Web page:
This year, I’ve mostly experienced the coming of autumn through our kitchen doors.
From the table, where I’m both working and eating most of the day, I have watched as the yellow lime tree leaves swirl down towards the soil. Stems turn slowly into twigs, flowerheads melt, and squirrels dart around, defending their spoils.
The main impediment to adventuring further from home — given that, currently, there’s no travel ban in Fife — has been my partner’s car. It has broken three or four times since the start of the pandemic in Scotland, and always preceding the lonely but hopeful plans we have pencilled in our calendar. This month a stiff gearbox placed our caravanning plans — organised for the mid-October holiday — into neutral.
It wasn’t until nearly two weeks later that the car was re-deemed roadworthy and we headed north.
Autumn doesn’t feel like autumn to me unless I’ve spent at least a day soaking in the Perthshire forests. So many of my past autumns have been enjoyed here — long weekends in quaint cottages, day trips to Dunkeld haunts, or evenings curled in the candle-lit corner of a Perth restaurant.
At the end of October then, with a working car, we didn’t have to decide where we were going before our seatbelts clicked into place. Quite simply, we were heading towards a favourite hill walk in Highland Perthshire.
Even though this spot is less known than the insta-famous Hermitage walk to its north (and indeed, for me, that’s the appeal) it was busier than I’ve known it. We parked, along with a dozen other vehicles, booted up, and began the two-hour loop.
Up the rocky, damp ascent we went, through tan oaks and golden beeches. My eyes went everywhere, stuffy senses gulping the cool autumn air. We paused for a packed lunch at the old bridge viewpoint. From here we could already see far out across a palette of trees — gold, orange, brown, teal — to a turreted house and fields beyond.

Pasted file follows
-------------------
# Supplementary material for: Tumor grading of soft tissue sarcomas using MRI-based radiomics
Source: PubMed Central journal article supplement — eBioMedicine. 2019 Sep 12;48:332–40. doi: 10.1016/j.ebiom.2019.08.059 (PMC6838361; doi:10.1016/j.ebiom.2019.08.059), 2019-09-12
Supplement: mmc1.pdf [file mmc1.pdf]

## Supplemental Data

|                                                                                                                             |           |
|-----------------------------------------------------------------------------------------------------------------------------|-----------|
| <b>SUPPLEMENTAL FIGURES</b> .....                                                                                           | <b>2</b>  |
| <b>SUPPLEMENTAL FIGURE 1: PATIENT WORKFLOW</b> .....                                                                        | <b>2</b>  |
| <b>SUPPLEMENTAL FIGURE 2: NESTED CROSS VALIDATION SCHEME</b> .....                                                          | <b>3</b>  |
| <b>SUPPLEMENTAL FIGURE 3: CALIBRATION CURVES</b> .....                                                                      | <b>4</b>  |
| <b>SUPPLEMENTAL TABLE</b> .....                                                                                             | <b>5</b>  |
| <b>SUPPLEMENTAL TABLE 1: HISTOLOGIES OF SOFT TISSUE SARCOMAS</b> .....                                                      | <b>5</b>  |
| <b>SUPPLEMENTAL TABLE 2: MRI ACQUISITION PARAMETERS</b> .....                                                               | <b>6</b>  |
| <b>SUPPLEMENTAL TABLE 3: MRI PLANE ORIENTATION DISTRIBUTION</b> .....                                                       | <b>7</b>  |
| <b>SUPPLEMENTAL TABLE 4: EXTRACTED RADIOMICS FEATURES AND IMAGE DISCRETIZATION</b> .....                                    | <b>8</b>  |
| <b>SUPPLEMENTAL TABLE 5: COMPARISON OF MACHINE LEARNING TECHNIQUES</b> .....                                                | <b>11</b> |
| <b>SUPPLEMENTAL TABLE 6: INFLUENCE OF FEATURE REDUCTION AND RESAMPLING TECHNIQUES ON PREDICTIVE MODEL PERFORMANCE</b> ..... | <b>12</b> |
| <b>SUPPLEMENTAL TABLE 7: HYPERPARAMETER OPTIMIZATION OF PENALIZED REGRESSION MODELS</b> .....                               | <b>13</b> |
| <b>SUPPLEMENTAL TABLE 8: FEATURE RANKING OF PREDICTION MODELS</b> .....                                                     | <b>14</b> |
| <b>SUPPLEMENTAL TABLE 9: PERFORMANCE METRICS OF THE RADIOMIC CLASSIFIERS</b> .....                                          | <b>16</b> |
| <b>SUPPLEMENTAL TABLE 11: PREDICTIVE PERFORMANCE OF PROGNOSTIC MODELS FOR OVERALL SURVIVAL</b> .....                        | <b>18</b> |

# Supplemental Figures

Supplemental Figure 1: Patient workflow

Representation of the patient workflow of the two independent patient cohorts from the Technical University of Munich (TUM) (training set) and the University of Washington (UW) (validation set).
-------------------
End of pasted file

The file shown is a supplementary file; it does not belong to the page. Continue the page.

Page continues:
Out of the canopy we came onto the heather-darkened hillside proper, shadowy slopes rolling away to the west now. The path steepened, and we splashed through mud and wobbled up steep steps before reaching the summit cairn.
The rain started. Below us, we could see neither Dunkeld nor the woodland that cocooned the town. Everything was filtered in a white-grey haze, the meteorological reverse of the blue skies we’d had the last time we’d walked here. There was something more real about this though, more tangible (although that’s by virtue, I suppose, with water whipping into your face).
The rain held a gift that could restore and reset. There we were, two people, at the summit of a small hill in Scotland, here and breathing and happy to be part of this world despite everything.
After a walk like this we’d usually retreat to a cosy café down in Dunkeld for a warm drink and the thickest slab of cake we could find on the counter. Instead, we opened a flask of tea and had a homemade biscuit whilst taking in the eye candy of autumn in those final days of October.
Leaves like copper coins, floating on the breeze, making muddy ground gold. (What would happen if leaves were currency, we wondered? Would the powerful take control of all the world’s forests, too?)
The smell of the soil, that damp-earth autumn scent, the memories of spring and summer already rotting under our feet.
And just before we returned to the car, the sight of deer darting between dark branches, three or four of them. Always blurry to our fallible human eyes, always just out of reach, a smudge of magic in the autumn twilight.